Week 1: Choose an Aesop’s Fable and retell it in 150 words or less.
The nice thing about this assignment is that because it’s a retelling of a story, it has
more focus on the actual process of writing than analysis and summarizing new
information. Students who begin here are less likely to have a problem knowing
where to begin. Few students will write nothing.

Week 2: Retell the story in 50 words or less.
Here students get practice prioritizing and simplifying.

Week 3: Retell the story as a newspaper article. Less than 500 words.
More creativity can come in here. Attention to action words and the “voice”
of newspaper writing can take place.

Week 4: Tell the story from first person perspective. Less than 500 words.
Dyslexic students as a group may have strengths in theory of mind or seeing events from other people’s perspectives. This assignment exercises creativity in terms of reflecting on and imagining events from other people’s perspective. I also like the requirement to take less than 500 words. Rather than emphasizing a minimum, it’s a maximum that students can’t go beyond. In our son’s class, his partner imagined Little Red Robin Hood from the Grandma’s point-of-view being eaten!

Week 5: Retell the story with attention to the sound of words.
This is always a fun exercise. Who doesn’t love onomatopoeia? Definitely prime
the pump by including examples before students begin to write.

Here’s our son’s assignment. I think he was in the 7th grade. He chose to retell it as a poem.

 

Icarus by Krister Eide

In days of old, the inventor Daedalus
held the key
To King Minos’ most urgent plight.
The monstrous Minotaur, mighty man-bull,
Threatened all of Crete.

Minotaur feasted on human flesh
Snorting, slobbering, shredding
Bellowing, booming, baying.
The earth thundering under his hooves.
Walls, trees, and houses quaking with every
rage.

Finally a magnificent Labyrinth was made.
A tangle of twisting paths,
Bewildering blind alleys
At last restrained the beast.

Minos,
Cruel and corrupt,
Conceived a clever crime.
The inventor and his son were shackled
To keep the secret safe.

In a dank and grim prison tower
Daedalus and Icarus sat.
Dark, dismal, desperate.
Suddenly, a plan!
A flapping flurry of wings outside the window.
“I shall make some wings
So that we can escape this horrible place.”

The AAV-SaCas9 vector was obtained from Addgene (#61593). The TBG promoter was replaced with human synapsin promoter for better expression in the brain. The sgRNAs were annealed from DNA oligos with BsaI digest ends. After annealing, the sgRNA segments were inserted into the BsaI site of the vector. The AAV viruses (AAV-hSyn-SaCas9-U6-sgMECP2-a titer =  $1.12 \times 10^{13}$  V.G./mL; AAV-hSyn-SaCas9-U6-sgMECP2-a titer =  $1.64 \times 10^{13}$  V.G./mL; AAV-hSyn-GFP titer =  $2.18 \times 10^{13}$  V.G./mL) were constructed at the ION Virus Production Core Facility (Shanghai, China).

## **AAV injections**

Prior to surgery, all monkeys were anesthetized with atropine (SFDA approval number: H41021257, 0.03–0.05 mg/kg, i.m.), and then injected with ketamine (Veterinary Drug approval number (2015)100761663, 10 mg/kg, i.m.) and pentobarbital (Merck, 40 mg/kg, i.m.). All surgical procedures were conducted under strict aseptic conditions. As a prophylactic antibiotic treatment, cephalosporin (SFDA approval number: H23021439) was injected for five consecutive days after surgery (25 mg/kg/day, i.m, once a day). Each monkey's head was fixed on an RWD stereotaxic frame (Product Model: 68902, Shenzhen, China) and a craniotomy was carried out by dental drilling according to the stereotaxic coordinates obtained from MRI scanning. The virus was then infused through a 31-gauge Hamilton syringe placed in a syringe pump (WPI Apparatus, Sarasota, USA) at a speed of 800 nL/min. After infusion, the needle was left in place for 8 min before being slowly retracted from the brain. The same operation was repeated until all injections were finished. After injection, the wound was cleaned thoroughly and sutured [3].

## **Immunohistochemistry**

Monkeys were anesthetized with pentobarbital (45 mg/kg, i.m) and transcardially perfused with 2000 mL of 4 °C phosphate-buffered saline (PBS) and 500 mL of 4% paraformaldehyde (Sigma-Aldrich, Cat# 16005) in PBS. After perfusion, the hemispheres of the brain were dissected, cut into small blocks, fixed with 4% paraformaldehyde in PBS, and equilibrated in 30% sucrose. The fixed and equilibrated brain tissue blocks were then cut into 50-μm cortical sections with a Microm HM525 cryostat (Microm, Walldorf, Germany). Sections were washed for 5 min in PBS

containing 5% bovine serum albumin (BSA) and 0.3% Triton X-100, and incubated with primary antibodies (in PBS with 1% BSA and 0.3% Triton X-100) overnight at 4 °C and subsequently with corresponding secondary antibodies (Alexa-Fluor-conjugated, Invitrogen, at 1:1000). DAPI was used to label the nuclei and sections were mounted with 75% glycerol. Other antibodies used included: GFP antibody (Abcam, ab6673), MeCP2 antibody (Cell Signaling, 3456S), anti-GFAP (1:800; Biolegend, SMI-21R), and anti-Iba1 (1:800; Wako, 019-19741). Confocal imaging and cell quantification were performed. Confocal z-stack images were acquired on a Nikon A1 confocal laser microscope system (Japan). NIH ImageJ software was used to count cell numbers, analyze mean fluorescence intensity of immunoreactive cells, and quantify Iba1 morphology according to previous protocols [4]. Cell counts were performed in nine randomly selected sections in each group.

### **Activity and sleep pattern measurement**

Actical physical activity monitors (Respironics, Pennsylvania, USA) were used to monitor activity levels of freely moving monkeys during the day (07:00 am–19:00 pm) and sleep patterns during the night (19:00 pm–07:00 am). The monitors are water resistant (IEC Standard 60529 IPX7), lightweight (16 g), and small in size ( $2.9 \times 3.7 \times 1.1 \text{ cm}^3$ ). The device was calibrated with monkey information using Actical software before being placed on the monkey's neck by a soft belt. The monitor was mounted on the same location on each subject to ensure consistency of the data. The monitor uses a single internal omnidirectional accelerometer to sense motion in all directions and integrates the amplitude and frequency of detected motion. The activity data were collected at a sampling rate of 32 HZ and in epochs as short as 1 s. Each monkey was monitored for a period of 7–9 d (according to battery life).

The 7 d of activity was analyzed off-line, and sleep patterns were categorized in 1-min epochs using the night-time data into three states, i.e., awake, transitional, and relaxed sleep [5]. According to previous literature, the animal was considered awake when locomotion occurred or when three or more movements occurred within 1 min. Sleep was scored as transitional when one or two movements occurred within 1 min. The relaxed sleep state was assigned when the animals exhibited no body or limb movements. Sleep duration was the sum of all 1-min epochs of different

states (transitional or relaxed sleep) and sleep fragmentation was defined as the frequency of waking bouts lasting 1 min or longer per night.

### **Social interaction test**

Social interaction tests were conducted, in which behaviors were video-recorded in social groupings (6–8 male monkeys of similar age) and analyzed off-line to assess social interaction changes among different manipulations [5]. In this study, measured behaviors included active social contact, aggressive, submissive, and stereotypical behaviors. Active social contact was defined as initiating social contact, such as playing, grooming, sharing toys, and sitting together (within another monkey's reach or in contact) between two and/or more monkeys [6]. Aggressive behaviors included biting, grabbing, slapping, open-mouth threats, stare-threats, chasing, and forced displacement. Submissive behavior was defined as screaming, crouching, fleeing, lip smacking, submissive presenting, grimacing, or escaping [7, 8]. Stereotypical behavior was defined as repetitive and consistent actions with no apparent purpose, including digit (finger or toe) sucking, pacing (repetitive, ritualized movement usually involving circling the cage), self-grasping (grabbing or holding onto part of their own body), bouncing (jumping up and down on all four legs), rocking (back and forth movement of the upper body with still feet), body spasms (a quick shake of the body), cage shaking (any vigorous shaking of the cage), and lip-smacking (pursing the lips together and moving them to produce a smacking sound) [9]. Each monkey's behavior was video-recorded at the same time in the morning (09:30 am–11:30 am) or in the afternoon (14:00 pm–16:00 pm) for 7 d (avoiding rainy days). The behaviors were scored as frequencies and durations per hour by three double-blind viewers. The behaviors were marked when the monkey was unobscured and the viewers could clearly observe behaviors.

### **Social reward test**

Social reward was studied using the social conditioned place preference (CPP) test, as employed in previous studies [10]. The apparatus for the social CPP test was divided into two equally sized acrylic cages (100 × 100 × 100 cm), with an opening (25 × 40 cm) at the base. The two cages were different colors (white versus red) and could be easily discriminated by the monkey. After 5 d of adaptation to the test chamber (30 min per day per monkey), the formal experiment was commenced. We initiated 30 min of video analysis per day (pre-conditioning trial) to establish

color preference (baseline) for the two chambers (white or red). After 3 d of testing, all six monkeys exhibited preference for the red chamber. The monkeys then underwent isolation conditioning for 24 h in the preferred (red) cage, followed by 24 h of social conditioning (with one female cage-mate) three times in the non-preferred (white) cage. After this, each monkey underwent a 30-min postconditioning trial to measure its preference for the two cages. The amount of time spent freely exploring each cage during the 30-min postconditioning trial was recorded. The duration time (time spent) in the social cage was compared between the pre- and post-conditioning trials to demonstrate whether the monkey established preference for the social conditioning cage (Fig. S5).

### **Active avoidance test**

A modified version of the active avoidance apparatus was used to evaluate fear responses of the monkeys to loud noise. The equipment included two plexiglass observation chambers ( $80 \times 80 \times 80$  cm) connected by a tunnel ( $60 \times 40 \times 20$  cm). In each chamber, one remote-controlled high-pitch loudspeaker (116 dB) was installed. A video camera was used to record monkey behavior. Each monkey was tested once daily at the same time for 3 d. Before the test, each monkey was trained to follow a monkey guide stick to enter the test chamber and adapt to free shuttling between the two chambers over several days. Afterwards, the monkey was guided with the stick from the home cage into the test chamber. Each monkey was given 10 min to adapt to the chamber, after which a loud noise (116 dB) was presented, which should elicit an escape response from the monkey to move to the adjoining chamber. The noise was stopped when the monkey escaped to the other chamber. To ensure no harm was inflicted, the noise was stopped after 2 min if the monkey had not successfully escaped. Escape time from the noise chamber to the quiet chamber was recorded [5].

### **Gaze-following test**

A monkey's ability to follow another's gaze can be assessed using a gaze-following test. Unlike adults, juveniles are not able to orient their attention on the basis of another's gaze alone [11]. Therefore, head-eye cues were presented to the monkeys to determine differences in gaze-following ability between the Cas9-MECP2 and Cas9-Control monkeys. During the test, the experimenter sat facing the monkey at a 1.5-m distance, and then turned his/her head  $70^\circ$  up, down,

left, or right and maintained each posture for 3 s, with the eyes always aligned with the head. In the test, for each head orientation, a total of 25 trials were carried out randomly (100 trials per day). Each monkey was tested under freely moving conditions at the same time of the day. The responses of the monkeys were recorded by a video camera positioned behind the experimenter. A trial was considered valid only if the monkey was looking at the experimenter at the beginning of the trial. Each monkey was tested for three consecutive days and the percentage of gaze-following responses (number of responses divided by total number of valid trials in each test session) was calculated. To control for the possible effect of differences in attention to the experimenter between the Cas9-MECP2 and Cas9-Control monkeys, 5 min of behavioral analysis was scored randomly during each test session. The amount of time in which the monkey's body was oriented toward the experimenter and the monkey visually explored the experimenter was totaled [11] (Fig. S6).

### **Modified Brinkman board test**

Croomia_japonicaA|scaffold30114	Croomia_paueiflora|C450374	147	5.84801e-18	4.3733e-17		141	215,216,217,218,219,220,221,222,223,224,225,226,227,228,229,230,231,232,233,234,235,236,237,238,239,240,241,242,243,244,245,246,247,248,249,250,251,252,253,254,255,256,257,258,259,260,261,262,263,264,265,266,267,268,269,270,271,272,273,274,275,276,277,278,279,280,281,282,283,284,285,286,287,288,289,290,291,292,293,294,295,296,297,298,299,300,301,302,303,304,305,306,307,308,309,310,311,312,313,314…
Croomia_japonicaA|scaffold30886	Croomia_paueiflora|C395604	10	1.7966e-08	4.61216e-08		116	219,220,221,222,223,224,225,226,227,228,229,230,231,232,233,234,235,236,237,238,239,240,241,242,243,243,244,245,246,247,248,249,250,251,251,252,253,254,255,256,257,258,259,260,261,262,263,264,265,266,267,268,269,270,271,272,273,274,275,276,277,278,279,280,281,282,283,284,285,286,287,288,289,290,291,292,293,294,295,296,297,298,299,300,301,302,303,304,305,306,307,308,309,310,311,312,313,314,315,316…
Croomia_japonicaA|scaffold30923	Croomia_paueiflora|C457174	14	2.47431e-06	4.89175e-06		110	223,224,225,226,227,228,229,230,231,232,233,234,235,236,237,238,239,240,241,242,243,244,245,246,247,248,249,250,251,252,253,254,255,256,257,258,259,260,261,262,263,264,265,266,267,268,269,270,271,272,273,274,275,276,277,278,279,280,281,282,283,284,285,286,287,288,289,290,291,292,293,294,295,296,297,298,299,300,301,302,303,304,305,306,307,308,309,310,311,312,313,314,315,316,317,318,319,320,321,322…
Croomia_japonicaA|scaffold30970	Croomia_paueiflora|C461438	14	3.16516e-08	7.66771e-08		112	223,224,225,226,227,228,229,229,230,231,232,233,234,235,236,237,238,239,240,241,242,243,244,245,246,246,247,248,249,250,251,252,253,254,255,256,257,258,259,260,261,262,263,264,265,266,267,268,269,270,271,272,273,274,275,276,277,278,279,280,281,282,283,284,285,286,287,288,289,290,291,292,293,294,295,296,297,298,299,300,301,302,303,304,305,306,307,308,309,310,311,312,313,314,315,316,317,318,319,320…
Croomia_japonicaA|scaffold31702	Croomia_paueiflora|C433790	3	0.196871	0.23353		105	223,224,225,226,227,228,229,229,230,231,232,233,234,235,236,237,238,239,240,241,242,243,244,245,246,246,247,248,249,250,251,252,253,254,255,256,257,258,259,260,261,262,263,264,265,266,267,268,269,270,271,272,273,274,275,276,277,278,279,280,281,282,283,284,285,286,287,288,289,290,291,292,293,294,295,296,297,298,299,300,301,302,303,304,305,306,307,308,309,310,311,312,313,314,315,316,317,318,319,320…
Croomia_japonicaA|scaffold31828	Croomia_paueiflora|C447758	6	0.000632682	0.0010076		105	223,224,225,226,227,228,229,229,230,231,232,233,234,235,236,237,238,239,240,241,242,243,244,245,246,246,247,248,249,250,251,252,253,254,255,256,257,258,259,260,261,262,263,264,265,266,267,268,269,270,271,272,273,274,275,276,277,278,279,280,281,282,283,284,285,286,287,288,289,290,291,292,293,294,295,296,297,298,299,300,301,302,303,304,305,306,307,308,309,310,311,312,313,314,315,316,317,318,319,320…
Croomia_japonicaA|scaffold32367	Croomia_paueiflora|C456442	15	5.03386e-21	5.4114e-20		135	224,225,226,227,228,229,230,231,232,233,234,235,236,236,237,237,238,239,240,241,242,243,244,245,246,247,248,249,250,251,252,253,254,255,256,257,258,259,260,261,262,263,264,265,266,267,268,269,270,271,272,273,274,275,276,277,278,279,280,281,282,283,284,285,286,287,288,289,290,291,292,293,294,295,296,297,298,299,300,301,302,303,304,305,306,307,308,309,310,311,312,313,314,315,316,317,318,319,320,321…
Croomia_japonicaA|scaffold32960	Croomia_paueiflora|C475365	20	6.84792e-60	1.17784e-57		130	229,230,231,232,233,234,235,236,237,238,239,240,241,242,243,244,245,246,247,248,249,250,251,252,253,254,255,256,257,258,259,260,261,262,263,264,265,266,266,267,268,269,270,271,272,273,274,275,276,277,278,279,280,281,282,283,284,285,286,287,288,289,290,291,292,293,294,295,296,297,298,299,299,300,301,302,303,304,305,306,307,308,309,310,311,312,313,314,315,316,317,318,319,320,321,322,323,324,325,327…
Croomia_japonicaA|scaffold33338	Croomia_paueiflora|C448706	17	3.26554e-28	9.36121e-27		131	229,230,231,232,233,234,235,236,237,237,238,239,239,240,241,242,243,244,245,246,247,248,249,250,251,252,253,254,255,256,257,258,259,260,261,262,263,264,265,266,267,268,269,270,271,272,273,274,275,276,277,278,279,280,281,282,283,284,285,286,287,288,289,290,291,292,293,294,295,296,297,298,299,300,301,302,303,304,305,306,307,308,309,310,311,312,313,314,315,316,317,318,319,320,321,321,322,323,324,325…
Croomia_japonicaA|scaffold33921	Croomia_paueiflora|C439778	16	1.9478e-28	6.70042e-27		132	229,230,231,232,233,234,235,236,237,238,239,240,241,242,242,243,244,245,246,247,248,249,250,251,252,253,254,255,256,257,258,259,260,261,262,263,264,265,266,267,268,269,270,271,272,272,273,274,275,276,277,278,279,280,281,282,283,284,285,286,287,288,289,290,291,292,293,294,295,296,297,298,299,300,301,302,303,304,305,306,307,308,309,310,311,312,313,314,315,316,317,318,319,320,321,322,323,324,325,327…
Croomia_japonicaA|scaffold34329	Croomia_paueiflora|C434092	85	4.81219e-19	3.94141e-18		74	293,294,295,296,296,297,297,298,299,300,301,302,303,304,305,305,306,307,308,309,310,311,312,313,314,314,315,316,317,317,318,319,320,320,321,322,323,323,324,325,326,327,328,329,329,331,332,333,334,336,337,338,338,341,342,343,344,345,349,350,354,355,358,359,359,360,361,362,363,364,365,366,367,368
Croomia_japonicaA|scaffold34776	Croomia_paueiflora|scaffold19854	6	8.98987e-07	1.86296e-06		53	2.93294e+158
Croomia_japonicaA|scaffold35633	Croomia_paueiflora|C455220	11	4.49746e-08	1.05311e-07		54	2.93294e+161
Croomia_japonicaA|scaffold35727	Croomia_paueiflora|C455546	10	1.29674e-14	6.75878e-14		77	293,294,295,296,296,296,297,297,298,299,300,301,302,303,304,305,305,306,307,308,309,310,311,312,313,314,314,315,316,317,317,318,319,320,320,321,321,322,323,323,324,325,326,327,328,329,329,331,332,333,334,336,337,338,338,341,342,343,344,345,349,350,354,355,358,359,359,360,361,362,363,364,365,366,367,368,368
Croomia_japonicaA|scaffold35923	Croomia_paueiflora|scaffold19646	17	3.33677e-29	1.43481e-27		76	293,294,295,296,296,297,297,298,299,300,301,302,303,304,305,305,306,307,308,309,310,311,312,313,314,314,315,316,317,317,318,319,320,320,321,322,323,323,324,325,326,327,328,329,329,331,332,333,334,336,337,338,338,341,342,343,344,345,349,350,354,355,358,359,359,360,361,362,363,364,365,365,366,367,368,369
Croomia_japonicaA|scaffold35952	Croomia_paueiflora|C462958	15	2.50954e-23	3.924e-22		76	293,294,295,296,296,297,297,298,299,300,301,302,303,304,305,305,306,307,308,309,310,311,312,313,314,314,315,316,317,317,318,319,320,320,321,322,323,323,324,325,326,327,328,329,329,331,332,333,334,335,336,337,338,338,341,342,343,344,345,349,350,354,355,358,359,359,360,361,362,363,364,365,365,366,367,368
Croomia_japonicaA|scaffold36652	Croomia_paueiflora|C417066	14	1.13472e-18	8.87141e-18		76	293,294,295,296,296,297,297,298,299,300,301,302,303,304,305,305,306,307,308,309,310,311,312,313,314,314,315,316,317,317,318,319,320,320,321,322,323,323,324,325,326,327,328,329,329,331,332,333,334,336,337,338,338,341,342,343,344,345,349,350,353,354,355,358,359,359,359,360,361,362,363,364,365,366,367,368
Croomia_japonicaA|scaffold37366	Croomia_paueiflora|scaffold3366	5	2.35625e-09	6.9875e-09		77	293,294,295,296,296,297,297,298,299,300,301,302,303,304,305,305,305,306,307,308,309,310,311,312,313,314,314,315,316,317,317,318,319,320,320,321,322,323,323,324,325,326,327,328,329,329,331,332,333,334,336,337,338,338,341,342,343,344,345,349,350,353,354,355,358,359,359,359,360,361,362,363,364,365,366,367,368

Daedalus and Icarus began to scrounge
For feathers from birds
Wax from the candle drippings left
by the jailers.
Daedalus rubbed the wax roughly between
his fingers.
At last they were finished.

Drawing close to his son,
Daedalus sternly warned,
“Do not fly too high. The Sun will melt your
wings.”
They squeezed through the bars
of their cell.
They looked down at the green-blue ocean
With torrents of white foam crashing
on the rocks below.
They were whipped by wild winds.

The two jumped off the edge.
Time stopped.
It looked as if they would plummet
into the sea.
But they forced their wings together
and swept up to the heavens.

Then Icarus felt a terrible change.
A drop on his shoulder.
He turned his head.
The wings were beginning to melt.
Suddenly feathers were flying off
everywhere.

He silently screamed.
Daedalus saw his son plunge into the sea.

 

I remember at the time it amazed me that he wrote so much, but he got into the enjoyment of writing for writing’s sake. The course was ungraded. Our daughter chose a Norwegian myth (part of her heritage) and it was around then that she began writing as a recreation using fan fiction.

Too often bad writing assignments for dyslexics are those that demand both too much and too little. Too much in terms of different types of writing with each assignment and word count requirements that may physically be too much at their stage of development, but also too little in terms of thinking, analysis, and creative imagination.

6. Retell the story with humor.
This retelling can be easier or harder depending on the fable selected. Nevertheless, it can also uncover some great comedic talents in a classroom.
What makes writing funny? Some writers can really come alive with such a
prompt.

7. Free Choice.
Again, if you’re doing the assigning, you can prime the pump with different types of writing. Our son chose to retell the myth of Icarus as a courtroom drama. You can read it HERE.

Other forms of writing from imitation are lessons based on mentor texts.

This article by Kelly Gallagher takes a less structured approach to writing through imitation, but it’s also quite good.

 

Want to know where to find mentor texts? Check out Amanda’s list of resources HERE.

 

 

Dyslexia | Dyslexic Advantage